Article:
Regular beat | MIT Know-how Assessment

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The corridors of WMBR are quiet—empty of the DJs who ought to be combing the cabinets in the hunt for the proper music, the engineers guaranteeing that the tools is broadcasting to the entire Boston space. MIT’s campus radio station closed its doorways within the basement of Walker Memorial in March 2020, when the Institute despatched workers and college students dwelling in the beginning of the covid-19 pandemic. Although the campus reopened in a restricted means for 2020–’21, the printed studio has remained shut to the vast majority of DJs for greater than a yr.

However the 178 college students and others concerned in operating WMBR weren’t about to let this decades-old establishment dwindle. You’ll be able to nonetheless tune in to 88.1 FM 24 hours a day and rock out to the pop-punk and rock present Breakfast of Champions or warble together with the Americana, nation, and bluegrass of FM Highway—all prerecorded and edited from the protection of DJs’ properties and submitted to Brian Sennett ’13, MEng ’15, host of the classical present Music by Useless Folks and WMBR’s technical director.  

When the campus shut down, Sennett recollects, “somebody sensible stated, ‘Take all of the tools it is advisable to hold issues working. That is going to be some time.’”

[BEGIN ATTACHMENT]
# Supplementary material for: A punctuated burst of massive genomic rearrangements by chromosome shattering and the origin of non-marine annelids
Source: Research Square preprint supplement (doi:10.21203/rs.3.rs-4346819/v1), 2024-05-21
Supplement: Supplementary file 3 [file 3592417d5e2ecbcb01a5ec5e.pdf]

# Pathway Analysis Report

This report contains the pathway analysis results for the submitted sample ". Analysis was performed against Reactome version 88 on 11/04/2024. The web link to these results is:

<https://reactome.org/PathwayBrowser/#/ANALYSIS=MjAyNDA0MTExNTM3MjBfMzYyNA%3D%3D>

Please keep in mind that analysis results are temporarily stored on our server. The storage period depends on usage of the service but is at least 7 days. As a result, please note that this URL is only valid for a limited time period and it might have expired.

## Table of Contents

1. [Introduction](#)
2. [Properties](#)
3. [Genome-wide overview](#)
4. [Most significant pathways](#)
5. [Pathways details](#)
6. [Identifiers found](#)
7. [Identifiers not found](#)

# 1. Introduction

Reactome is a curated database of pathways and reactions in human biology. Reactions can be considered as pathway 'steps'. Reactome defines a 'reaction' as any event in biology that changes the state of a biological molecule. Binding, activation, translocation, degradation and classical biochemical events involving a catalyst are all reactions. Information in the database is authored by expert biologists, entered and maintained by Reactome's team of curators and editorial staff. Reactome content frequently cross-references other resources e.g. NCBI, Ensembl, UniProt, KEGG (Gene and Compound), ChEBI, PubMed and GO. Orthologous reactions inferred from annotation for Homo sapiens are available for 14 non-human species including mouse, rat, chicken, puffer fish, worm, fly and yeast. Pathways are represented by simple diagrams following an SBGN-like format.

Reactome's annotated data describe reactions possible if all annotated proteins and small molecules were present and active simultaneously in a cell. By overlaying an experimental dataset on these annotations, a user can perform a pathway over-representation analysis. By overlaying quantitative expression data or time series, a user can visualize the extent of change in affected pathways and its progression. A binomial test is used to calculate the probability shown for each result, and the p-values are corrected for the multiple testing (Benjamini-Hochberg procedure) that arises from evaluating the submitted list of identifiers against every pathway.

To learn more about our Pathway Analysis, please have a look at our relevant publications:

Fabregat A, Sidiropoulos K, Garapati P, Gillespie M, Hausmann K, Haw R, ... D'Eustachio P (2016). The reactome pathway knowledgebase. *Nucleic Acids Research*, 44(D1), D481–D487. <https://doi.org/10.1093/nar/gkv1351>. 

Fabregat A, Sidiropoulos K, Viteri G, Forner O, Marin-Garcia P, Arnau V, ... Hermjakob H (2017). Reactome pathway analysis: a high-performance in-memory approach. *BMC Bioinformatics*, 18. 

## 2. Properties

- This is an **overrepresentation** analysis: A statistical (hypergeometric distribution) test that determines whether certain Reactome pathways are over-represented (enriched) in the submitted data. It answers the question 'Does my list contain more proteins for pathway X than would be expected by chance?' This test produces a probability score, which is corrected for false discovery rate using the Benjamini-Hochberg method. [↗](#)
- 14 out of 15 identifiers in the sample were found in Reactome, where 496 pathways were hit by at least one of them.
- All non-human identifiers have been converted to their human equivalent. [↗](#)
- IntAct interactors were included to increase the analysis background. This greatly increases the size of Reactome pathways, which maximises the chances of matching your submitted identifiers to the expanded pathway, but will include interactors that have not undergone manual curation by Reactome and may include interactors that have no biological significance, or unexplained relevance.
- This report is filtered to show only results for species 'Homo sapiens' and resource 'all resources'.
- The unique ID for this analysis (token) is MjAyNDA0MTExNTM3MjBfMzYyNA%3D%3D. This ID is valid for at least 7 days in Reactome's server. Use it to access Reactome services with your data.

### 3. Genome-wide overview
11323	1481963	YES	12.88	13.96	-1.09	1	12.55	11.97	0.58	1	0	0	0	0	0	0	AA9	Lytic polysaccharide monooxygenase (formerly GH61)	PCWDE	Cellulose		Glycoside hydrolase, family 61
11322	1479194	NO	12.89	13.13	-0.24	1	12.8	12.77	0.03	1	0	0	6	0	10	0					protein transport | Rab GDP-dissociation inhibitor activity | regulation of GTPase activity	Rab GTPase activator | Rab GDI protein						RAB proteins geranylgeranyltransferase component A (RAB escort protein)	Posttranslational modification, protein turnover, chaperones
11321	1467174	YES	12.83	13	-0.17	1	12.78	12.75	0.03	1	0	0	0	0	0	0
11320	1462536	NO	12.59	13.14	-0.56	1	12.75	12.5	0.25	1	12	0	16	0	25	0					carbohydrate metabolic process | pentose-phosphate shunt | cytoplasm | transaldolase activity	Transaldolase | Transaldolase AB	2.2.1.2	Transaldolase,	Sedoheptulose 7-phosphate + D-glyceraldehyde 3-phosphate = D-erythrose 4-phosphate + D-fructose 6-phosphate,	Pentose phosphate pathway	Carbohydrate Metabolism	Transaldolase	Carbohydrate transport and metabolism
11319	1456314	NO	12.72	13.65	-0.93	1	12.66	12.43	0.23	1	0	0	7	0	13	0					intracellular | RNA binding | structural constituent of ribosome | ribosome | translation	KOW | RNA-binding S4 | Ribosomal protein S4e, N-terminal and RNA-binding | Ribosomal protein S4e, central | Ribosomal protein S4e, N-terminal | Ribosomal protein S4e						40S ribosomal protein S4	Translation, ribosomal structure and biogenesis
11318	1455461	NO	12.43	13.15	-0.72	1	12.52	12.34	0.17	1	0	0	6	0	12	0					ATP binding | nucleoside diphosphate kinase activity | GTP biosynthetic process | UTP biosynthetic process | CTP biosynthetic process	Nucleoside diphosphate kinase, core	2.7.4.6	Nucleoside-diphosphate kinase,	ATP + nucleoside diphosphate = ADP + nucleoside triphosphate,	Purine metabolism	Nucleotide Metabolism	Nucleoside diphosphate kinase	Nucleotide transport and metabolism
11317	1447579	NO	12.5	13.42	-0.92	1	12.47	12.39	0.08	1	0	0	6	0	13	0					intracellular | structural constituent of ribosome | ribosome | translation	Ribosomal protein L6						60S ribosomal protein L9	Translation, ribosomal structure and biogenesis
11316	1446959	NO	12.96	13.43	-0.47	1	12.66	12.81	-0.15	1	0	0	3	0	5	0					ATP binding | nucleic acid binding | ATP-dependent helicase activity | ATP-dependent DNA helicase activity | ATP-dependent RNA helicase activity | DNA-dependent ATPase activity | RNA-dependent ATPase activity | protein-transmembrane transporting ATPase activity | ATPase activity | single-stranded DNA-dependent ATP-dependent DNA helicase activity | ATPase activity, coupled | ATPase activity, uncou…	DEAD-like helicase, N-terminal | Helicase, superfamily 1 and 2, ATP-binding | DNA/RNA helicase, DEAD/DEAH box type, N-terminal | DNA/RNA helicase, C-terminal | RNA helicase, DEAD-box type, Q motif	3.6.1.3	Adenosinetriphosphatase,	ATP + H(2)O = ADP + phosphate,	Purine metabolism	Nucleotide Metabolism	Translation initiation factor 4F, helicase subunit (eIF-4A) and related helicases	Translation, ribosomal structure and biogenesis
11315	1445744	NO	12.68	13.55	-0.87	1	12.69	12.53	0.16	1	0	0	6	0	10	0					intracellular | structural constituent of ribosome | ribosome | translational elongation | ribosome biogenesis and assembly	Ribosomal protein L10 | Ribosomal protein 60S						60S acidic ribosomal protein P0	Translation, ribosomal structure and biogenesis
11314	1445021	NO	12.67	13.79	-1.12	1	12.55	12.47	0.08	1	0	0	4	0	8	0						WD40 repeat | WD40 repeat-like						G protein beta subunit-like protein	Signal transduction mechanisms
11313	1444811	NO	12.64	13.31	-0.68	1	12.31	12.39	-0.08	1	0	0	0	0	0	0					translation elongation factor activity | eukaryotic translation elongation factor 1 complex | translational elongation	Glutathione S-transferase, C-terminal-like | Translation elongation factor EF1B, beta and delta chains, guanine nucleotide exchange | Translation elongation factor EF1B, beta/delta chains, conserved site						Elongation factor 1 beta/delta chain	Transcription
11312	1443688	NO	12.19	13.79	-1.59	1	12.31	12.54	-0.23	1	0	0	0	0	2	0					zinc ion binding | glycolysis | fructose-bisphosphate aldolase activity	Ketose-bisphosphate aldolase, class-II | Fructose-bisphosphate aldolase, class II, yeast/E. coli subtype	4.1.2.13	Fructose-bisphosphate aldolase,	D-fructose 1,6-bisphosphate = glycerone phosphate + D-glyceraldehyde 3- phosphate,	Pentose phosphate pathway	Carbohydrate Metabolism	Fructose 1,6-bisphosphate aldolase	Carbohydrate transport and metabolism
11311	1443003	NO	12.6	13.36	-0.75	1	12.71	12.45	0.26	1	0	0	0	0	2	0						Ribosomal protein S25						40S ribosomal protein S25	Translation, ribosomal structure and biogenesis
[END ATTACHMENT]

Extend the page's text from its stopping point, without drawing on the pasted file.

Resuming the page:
Sennett joined WMBR as a sophomore in 2010 and is certainly one of 40 alumni nonetheless energetic on the station, which for a lot of has come to really feel like a household. That feeling has loads to do with this continued alumni engagement—and with why its members banded collectively to verify the station and its tradition wouldn’t be a casualty of the pandemic.

Generational impression

WMBR is an all-volunteer, primarily student-­run group supporting an eclectic vary of reveals. Neighborhood members with no MIT affiliation work alongside college students, alumni, and professors, all led by an MIT scholar common supervisor, presently Julia Arnold. 

MIT has had a campus radio station for the reason that late Forties, nevertheless it didn’t start utilizing its present name letters—which stand for “Walker Memorial Basement Radio”—till 1979. That was when Jon Pollack, SM ’79, host of The Jazz Prepare, graduated. Briefly concerned with the station as a graduate scholar, Pollack returned in 1987 and has been there ever since. 

“I simply actually get pleasure from it,” he says. “That’s why I’ve stayed. It’s a part of me at this level.”

An inventory of WMBR group members reveals commencement dates starting from 1979 to 2020. Having that deep nicely of information has helped the station keep on monitor as know-how and tastes have modified. 

Lacking out on the reside radio expertise has been onerous for a lot of members throughout the covid-19 period. However they’ve tailored.

As technical director, Sennett helped transition the station from in-studio to at-home operations in 2020. Now, after seven years in his management function, he’s began to coach Gillian Roeder ’24 to take it over by the top of the autumn 2021 semester.

“I’m glad that there’s this kind of torch-passing taking place between generations,” says Jacob Miske ’20, host of Unusual Grounds,the place he performs a mixture of older and newer underground and counterculture music. “It’s one thing that I fearful about with covid—that numerous scholar cultural teams’ traditions are being obfuscated by this useless interval.”

Proof of WMBR’s traditions is etched on the covers of the information and CDs within the station’s intensive music library. Classical, jazz, heavy steel, blues, rock—each style possible is housed in floor-to-ceiling bookshelves.